1. Awareness - General awareness, and especially self-awareness, strengthens the servant-leader. Making a commitment to foster awareness can be scary--one never knows that one may discover! As Greenleaf observed, "Awareness is not a giver of solace - it's just the opposite. It disturbed. They are not seekers of solace. They have their own inner security."
  1. Persuasion - Servant-leaders rely on persuasion, rather than positional authority in making decisions. Servant-leaders seek to convince others, rather than coerce compliance. This particular element offers one of the clearest distinctions between the traditional authoritarian model and that of servant-leadership. The servant-leader is effective at building consensus within groups.
  1. Conceptualization - Servant-leaders seek to nurture their abilities to "dream great dreams." The ability to look at a problem (or an organization) from a conceptualizing perspective means that one must think beyond day-to-day realities. Servant-leaders must seek a delicate balance between conceptualization and day-to-day focus.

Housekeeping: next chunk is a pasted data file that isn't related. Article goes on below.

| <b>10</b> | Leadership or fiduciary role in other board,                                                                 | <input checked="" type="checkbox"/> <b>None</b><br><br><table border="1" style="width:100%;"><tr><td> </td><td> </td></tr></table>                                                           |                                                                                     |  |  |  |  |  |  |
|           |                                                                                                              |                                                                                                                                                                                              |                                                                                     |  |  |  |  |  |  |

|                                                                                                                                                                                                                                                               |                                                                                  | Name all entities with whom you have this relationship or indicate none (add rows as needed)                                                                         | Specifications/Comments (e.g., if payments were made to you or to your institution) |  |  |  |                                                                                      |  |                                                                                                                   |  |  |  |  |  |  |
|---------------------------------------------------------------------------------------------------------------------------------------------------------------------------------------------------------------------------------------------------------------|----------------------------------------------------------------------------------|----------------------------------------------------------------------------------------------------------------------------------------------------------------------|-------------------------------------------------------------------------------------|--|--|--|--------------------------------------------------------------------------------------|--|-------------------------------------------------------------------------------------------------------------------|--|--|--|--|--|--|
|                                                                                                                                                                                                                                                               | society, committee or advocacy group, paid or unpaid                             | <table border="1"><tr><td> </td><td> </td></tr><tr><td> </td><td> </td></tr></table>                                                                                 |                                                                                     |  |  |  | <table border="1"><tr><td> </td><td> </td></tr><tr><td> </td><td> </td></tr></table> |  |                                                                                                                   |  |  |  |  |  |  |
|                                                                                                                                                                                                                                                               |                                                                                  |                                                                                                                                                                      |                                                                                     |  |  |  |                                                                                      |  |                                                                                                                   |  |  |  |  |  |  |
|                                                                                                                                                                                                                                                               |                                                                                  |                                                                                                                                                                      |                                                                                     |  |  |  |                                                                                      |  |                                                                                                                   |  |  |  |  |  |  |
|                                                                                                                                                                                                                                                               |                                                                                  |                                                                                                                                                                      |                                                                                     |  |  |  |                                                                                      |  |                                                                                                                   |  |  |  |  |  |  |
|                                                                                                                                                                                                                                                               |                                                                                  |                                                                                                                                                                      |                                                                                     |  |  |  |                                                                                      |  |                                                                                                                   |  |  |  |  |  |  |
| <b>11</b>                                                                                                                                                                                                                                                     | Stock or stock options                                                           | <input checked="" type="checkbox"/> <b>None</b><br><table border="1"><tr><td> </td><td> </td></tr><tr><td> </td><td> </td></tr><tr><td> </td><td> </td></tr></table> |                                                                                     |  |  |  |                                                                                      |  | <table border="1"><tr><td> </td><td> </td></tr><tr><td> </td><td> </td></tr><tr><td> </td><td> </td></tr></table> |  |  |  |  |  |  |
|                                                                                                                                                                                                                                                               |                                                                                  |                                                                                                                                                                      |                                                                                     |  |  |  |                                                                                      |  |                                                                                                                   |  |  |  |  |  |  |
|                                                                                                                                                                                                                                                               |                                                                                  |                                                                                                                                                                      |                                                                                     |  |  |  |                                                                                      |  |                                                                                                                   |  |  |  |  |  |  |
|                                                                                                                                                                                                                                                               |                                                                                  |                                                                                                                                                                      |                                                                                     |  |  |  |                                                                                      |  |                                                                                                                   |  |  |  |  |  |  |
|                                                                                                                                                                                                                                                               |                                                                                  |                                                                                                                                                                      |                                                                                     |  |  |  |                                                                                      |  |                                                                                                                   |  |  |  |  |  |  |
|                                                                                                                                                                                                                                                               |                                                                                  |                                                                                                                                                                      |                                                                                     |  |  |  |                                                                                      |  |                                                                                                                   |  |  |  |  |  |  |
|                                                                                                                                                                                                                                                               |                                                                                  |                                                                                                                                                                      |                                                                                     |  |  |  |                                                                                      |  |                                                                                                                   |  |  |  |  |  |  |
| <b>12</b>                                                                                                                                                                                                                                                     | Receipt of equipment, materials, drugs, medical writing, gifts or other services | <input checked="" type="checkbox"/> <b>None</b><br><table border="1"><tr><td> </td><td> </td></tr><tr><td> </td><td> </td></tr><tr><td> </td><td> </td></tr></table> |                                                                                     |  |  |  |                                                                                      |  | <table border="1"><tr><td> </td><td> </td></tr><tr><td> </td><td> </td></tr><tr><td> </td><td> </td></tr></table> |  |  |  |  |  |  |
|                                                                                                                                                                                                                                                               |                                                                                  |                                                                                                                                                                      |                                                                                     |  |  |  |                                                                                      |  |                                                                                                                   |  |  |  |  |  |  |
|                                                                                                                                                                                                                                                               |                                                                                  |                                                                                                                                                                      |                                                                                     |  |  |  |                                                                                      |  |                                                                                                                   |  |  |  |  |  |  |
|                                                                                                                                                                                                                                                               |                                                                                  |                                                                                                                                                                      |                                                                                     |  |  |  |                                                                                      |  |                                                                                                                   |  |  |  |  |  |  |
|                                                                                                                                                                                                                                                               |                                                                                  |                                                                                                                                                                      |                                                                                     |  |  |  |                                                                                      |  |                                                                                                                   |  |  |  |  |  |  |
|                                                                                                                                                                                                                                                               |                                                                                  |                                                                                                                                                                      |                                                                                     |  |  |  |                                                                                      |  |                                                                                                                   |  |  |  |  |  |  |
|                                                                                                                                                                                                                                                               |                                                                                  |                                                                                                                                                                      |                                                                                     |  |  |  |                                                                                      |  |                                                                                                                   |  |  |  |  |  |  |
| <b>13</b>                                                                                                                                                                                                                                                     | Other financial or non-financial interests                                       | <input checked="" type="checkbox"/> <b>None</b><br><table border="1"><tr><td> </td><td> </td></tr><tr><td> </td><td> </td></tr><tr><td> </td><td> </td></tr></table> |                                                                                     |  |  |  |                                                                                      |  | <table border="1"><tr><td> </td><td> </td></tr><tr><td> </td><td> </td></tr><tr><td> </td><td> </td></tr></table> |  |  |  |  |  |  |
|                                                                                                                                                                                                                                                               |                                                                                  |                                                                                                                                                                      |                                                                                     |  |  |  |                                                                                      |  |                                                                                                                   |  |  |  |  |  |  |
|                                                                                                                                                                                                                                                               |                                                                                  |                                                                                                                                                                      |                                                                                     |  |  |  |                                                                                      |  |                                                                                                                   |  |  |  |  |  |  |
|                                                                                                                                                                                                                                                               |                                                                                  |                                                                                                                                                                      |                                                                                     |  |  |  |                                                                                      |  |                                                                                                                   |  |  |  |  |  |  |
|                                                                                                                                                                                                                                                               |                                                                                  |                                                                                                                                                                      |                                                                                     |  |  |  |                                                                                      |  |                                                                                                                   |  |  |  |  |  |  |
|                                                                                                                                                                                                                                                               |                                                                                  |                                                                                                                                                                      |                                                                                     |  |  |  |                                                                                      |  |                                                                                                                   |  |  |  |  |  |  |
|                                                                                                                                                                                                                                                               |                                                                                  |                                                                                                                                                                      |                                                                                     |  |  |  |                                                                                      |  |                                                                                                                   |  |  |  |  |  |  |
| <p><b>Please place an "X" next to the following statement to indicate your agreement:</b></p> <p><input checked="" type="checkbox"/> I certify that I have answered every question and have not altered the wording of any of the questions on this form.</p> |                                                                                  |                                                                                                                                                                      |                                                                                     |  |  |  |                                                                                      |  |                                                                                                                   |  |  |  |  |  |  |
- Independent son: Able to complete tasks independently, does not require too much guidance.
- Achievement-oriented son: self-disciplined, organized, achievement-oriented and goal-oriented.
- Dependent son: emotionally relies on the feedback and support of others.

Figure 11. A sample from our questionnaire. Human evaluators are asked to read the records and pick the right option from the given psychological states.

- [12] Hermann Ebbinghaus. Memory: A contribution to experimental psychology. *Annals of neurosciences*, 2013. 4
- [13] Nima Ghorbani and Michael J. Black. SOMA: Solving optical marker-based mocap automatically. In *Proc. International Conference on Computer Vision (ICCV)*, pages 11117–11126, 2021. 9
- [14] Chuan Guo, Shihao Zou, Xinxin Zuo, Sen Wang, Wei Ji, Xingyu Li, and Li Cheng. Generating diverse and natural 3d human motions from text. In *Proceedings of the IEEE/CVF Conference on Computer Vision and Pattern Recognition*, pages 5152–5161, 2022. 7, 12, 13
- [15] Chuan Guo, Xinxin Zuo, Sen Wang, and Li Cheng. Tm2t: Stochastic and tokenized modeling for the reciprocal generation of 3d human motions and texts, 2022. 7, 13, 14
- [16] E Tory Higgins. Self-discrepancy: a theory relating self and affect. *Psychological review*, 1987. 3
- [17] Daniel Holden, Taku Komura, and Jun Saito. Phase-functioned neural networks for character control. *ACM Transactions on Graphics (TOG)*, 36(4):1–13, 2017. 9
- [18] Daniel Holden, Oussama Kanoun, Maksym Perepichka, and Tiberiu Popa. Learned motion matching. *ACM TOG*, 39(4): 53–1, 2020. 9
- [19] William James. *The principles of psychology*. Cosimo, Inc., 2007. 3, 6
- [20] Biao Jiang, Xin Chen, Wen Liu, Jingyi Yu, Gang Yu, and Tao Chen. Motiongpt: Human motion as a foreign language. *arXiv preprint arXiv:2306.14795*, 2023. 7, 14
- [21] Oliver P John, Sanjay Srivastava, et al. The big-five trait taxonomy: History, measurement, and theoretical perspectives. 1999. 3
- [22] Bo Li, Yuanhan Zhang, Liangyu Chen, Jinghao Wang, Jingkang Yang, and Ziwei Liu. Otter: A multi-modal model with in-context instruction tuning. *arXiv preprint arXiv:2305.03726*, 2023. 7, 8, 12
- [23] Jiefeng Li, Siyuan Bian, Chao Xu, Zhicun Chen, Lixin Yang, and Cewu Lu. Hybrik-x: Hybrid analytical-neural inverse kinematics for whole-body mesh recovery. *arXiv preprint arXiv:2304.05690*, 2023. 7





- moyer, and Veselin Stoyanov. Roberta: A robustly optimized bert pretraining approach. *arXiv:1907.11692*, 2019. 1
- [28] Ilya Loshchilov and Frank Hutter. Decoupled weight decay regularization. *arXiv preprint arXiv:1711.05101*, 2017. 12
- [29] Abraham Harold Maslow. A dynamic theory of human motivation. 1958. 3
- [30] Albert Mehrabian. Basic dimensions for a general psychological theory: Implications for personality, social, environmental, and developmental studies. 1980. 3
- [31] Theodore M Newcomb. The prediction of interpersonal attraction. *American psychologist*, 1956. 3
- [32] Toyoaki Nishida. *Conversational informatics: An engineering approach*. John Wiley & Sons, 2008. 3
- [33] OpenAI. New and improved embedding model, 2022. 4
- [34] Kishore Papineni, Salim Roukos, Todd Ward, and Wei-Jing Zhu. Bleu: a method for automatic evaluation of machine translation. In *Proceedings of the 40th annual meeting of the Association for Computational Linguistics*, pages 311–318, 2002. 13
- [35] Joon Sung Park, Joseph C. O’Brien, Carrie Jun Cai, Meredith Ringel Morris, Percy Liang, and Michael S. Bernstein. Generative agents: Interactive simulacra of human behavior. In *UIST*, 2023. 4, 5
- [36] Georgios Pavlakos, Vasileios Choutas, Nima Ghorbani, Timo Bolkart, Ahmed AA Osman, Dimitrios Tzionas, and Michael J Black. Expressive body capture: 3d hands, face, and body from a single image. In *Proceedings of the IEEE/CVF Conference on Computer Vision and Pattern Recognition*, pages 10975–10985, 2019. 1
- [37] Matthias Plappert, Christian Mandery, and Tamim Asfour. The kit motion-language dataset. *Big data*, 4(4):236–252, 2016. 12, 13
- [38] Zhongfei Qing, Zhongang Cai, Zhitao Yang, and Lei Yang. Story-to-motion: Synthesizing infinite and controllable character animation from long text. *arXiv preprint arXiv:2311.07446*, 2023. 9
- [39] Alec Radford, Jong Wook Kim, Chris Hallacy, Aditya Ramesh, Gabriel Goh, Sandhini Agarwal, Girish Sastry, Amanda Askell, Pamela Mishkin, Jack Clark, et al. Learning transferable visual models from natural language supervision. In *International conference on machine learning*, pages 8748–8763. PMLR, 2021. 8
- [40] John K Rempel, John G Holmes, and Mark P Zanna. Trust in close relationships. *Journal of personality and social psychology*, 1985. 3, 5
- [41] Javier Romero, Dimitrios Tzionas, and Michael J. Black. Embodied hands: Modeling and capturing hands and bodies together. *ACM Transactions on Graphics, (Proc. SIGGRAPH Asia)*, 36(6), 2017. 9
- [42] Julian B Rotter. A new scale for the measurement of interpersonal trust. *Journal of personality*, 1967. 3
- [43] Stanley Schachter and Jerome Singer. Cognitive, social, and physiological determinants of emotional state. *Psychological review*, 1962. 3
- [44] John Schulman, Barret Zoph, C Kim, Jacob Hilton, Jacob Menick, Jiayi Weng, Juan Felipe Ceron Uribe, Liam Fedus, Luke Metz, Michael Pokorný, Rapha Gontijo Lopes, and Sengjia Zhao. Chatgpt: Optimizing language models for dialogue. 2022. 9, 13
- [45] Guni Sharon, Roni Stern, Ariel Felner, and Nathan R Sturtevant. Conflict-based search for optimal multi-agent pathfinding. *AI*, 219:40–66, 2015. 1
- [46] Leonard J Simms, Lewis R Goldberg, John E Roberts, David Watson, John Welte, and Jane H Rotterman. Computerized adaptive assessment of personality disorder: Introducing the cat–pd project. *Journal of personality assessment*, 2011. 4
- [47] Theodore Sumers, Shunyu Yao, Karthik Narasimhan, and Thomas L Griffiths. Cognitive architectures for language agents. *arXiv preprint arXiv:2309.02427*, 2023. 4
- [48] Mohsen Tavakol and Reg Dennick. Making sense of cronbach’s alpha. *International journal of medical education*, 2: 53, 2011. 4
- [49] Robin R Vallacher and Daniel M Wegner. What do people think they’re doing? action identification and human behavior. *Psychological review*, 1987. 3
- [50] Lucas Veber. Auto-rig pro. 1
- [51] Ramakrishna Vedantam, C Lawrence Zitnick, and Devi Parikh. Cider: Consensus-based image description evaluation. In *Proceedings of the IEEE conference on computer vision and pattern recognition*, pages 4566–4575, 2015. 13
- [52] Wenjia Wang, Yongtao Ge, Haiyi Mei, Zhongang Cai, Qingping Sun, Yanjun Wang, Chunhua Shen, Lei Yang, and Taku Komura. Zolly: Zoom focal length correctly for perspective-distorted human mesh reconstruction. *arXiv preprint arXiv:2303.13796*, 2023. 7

1. Foresight - Foresight is a characteristic that enables servant-leaders to understand lessons from the past, the realities of the present, and the likely consequence of a decision in the future. It is deeply rooted in the intuitive mind.
  1. Stewardship - Robert Greenleaf's view of all institutions was one in which CEO's, staff, directors, and trustees all play significance roles in holding their institutions in trust for the great good of society.
  1. Commitment to the Growth of People - Servant-leaders believe that people have an intrinsic value beyond their tangible contributions as workers. As such, servant-leaders are deeply committed to a personal, professional, and spiritual growth of each and every individual within the organization.
  2. Building Community - Servant-leaders are aware that the shift from local communities to large institutions as the primary shaper of human lives has changed our perceptions and has caused a feeling of loss. Servant-leaders seek to identify a means for building community among those who work within a given institution.

Learn more

If you have questions about servant leadership, or would like to register for an upcoming roundtable at CUW, please contact Elizabeth Evans.